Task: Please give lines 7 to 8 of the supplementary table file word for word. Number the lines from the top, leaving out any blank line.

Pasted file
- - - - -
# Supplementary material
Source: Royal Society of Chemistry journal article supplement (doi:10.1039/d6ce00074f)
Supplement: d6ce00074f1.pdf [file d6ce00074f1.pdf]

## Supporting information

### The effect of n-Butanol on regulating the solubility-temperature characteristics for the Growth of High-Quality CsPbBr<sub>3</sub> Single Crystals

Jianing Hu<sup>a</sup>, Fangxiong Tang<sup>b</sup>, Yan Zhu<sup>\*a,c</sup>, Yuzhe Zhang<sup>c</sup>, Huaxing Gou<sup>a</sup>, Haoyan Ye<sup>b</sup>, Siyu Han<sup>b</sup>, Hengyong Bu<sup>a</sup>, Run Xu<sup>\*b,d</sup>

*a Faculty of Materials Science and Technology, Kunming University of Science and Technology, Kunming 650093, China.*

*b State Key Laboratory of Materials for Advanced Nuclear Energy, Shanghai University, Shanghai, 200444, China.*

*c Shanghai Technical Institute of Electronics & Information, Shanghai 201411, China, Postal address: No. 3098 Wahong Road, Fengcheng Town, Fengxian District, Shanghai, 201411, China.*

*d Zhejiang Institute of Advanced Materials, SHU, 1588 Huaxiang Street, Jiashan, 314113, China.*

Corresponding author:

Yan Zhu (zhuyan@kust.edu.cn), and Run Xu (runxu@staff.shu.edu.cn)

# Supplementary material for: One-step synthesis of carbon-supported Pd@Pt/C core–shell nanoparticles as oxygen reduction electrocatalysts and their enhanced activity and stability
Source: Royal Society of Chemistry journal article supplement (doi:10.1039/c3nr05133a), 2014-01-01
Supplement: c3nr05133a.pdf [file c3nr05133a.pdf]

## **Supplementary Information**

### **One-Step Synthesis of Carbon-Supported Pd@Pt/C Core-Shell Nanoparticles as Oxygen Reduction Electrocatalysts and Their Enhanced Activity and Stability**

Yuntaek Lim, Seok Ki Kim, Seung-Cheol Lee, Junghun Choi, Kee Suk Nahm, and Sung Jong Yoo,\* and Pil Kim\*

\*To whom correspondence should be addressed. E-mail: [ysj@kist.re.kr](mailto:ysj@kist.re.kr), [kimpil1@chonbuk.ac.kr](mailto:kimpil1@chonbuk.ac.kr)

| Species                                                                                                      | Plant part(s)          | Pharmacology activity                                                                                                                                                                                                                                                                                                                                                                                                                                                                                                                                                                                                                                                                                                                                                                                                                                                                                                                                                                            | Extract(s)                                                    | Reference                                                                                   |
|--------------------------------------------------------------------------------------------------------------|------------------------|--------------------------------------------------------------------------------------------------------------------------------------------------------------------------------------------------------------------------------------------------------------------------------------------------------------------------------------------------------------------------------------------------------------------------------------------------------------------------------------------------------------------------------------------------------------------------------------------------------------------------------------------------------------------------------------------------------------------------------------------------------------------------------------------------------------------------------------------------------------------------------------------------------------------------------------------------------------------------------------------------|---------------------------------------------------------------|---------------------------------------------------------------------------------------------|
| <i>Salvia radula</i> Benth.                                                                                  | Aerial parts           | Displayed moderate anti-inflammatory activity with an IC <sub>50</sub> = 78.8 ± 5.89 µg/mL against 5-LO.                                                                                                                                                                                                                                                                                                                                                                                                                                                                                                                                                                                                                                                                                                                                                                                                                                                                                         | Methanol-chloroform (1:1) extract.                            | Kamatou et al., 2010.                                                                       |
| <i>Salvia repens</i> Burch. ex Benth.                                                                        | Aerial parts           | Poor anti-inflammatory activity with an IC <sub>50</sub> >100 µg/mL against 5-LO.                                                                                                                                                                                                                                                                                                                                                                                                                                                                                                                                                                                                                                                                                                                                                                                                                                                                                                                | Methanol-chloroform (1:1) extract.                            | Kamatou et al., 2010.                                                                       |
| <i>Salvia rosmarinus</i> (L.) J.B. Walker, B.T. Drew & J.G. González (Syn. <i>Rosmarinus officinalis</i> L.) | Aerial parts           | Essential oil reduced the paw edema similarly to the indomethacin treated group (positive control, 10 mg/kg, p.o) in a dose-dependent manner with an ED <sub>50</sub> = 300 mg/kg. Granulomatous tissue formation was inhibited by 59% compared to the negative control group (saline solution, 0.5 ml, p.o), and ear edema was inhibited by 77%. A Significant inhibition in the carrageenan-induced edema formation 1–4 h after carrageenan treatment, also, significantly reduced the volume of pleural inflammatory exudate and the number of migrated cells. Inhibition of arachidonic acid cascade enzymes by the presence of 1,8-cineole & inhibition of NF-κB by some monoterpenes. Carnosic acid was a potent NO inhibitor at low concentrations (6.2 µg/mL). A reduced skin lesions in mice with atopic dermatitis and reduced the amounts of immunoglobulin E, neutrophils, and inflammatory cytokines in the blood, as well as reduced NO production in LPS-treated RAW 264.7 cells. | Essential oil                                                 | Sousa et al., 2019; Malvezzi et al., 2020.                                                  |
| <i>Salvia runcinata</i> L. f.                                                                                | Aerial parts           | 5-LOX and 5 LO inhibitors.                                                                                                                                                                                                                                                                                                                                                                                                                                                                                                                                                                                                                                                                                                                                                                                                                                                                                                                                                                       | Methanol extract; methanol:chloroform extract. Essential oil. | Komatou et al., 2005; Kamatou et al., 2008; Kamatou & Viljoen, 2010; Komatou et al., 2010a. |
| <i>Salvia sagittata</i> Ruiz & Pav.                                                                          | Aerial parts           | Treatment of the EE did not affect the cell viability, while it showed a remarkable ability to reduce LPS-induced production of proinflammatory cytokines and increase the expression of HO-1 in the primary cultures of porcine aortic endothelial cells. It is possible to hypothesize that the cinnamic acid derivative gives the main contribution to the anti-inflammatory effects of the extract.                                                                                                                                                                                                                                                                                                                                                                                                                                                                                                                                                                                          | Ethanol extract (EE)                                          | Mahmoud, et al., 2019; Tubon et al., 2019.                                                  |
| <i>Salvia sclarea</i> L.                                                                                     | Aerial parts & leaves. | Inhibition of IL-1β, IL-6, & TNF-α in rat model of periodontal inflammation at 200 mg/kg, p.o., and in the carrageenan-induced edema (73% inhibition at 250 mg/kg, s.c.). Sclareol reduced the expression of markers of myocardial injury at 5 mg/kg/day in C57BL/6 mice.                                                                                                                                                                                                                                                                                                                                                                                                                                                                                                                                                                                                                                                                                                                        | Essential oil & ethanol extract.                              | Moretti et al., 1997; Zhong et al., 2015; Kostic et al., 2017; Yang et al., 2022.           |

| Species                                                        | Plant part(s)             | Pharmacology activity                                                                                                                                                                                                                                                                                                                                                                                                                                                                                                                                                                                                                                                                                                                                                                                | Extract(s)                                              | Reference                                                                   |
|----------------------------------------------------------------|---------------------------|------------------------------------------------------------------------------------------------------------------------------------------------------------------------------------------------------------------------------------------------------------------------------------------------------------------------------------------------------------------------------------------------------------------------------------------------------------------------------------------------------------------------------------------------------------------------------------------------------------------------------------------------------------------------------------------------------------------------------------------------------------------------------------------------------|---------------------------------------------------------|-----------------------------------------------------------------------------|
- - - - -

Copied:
*a Faculty of Materials Science and Technology, Kunming University of Science and Technology, Kunming 650093, China.*

*b State Key Laboratory of Materials for Advanced Nuclear Energy, Shanghai University, Shanghai, 200444, China.*